In part three, the final act, Nekhlyudov follows the train of prisoners on their trek to Siberia, as they slog along on foot, on carts (if they are sick), and on the train from one station and halting place and prison to the next. It is one long, relentless, merciless portrait of despondence, filth, and hopelessness. The feeling I got was death by a thousand sensory cuts.
During this time the prince becomes particularly attached to the political prisoners, some of whom are actual revolutionaries. One, Neverov, he shows in all his narcissistic malice. But for the most part Nekhlyudov comes to see them as the best part of society, not the menace that the government and its corrupt legal system falsely characterize them as. He tries to help them the best he can, following his new credo to put others’ needs before his own—especially Maslova, whom he has proposed marriage to even though they must live apart for four years while she endures hard labor in the Russian tundra.
We learn all their backstories, and not only how they look and feel, but how they outshine in honesty and humility their so-called betters, the ones who prosecute them, judge them, sentence them, lock them up. Their bodies may be ravaged, but unlike their condemners, their souls are ravishing. There is little gray here except in the visual sense.
All this leads Nekhlyudov to conclude that the penal system, enabled by the government, produces the opposite of its ostensible purpose and is therefore a great evil. It does not punish criminals but makes them idle, and not only that it exposes them to further negative influences that make them even more hardened and likely to do the same or even worse if they’re released. Like one of today’s social engineers, he declares that these men commit crimes only because of their adverse environments. In other words they are only doing what anybody would do in their place and cannot act otherwise. The men charged with guarding them do not escape unscathed either; they also become hardened and wither inside.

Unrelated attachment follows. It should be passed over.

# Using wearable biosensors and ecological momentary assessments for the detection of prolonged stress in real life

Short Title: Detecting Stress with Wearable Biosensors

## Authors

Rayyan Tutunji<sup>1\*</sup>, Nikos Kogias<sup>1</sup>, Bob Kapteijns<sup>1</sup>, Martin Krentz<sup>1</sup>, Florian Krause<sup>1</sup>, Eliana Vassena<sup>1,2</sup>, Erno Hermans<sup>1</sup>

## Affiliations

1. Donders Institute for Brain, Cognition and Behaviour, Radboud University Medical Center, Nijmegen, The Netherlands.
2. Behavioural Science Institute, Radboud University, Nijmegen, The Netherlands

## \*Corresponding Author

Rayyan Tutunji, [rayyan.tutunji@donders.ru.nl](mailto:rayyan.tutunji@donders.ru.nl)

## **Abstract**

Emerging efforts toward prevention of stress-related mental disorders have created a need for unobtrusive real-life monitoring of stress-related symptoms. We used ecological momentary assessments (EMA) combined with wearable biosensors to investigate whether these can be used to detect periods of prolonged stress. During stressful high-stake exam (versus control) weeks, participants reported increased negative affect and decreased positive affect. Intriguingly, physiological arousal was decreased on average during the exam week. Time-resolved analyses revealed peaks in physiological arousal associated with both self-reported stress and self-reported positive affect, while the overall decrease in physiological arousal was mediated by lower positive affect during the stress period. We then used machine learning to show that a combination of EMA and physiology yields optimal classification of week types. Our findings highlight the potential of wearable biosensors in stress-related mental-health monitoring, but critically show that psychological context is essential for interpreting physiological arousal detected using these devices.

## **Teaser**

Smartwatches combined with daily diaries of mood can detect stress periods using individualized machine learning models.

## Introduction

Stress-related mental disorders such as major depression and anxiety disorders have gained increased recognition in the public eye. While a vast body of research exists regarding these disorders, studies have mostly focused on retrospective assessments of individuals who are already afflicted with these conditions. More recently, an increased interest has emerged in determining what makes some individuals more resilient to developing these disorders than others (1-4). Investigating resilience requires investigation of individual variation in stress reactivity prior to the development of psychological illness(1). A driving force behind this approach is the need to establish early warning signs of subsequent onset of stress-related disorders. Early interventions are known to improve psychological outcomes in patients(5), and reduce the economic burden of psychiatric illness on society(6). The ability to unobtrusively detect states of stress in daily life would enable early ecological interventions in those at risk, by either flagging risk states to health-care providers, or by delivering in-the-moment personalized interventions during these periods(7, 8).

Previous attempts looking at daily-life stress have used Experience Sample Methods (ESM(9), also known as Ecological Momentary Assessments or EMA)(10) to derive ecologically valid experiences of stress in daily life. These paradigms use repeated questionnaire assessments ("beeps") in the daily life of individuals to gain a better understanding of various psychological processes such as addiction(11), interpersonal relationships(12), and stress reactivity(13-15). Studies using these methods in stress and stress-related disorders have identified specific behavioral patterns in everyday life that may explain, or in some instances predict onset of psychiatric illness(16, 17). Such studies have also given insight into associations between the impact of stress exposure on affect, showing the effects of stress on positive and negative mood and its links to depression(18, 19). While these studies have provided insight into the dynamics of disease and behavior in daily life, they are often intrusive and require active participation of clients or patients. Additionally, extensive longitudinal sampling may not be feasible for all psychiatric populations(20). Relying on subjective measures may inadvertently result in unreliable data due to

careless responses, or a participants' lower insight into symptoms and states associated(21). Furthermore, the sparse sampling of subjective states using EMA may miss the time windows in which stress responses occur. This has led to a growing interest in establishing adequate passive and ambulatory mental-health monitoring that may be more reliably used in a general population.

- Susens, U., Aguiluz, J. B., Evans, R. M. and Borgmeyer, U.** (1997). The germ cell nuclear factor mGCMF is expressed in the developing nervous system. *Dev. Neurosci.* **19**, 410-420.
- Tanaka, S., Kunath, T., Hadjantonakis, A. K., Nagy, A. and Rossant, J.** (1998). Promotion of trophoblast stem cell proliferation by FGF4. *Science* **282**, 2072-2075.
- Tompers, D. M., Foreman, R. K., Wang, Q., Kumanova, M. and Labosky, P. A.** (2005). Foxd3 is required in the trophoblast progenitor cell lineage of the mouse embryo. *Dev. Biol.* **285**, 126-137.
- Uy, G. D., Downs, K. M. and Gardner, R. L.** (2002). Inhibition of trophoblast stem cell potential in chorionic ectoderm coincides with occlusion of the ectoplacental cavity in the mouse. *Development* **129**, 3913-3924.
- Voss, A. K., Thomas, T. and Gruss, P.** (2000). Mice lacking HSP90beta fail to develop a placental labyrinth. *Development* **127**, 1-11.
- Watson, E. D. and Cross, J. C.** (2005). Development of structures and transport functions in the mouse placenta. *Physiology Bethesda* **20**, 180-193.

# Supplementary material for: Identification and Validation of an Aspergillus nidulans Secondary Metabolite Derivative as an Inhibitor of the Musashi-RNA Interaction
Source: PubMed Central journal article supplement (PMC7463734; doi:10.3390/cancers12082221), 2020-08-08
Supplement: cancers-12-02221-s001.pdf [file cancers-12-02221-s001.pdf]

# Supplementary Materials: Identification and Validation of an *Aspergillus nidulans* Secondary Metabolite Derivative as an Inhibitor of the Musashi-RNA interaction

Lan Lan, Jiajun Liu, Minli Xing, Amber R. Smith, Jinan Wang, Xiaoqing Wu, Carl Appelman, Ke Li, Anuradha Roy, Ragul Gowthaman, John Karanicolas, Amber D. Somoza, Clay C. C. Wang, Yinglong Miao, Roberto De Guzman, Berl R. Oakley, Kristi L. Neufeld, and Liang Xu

Toward the end Resurrection seems to peter out, Nekhlyudov (and the reader too) exhausted by all the ugliness, both physical and metaphysical, primed for his hard-earned revelation. Tolstoy has beaten us down like all the captives he has paraded in front of us. Are we ready to do as he says?
The last few chapters start kind of weirdly. Nekhlyudov uncharacteristically enjoys a luxurious dinner party thrown by a convivial Siberian governor, who invites the prince when he visited the official that morning to see if the pardon he’s been seeking for Maslova had arrived yet. It’s the kind of soiree Nekhlyudov was accustomed to when the novel opens but had become progressively disgusted by—until now. Even he seems to be tiring of his self-denial, which is threatening to become one of those passing lifestyle changes he indulged in previously to no avail.
One of the handful of guests is an unnamed Englishman who wants to tour the local prison; he’s writing a book about the penal system. So the governor suggests that Nekhlyudov, who had already asked the governor’s permission to visit Maslova, accompany him. They end up going after dinner because the Englishman likes to see his subject in the evenings: “Everybody is indoors then, no preparations are made, so one sees things as they really are.”
What have we been seeing up until now? A Potemkin prison?
But Tolstoy has something else up his sleeve, or rather in the Englishman’s bag. First, however, Maslova is led out and he informs her that he has obtained a reduction of her sentence to four years’ hard labor. But she spurns her white knight’s conjugal chivalry and informs him that she’s in love with Simonson instead, an eccentric saintly revolutionary and convict who doesn’t ring true.
After picking himself up from this life-crushing blow, which Nekhlyudov eventually soothes by concluding that Maslova actually loves him and is just trying to save him from sacrificing his life for her, he dutifully translates the Englishman’s questions to the inmates during their tour. As the prisoners jump to attention from their bunks, the prince realizes the Englishman has an objective other than a mere exposé: he takes two bound New Testaments out of his bag to leave with them.
“Tell them,” he said, “that Christ pities and loves them, and died for them. If they believe this they will be saved…. Tell them that it is all in this book.”
In the next cell, where the visitors interrupt a fight that ends in a bloody nose, the Englishman leaves two more New Testaments and another pearl of wisdom.
“You have been quarreling and fighting, but Christ, Who died for us, gave us another way of settling our quarrels…. Tell them that Christ’s commandment would have us do just the opposite: if a man strike you on one cheek, offer him the other…..”
But the convicts trample his words underfoot with mockery and burst into laughter. Unfazed, the Englishman asks Nekhlyudov to tell them that “what seems impossible becomes possible and easy for the faithful.”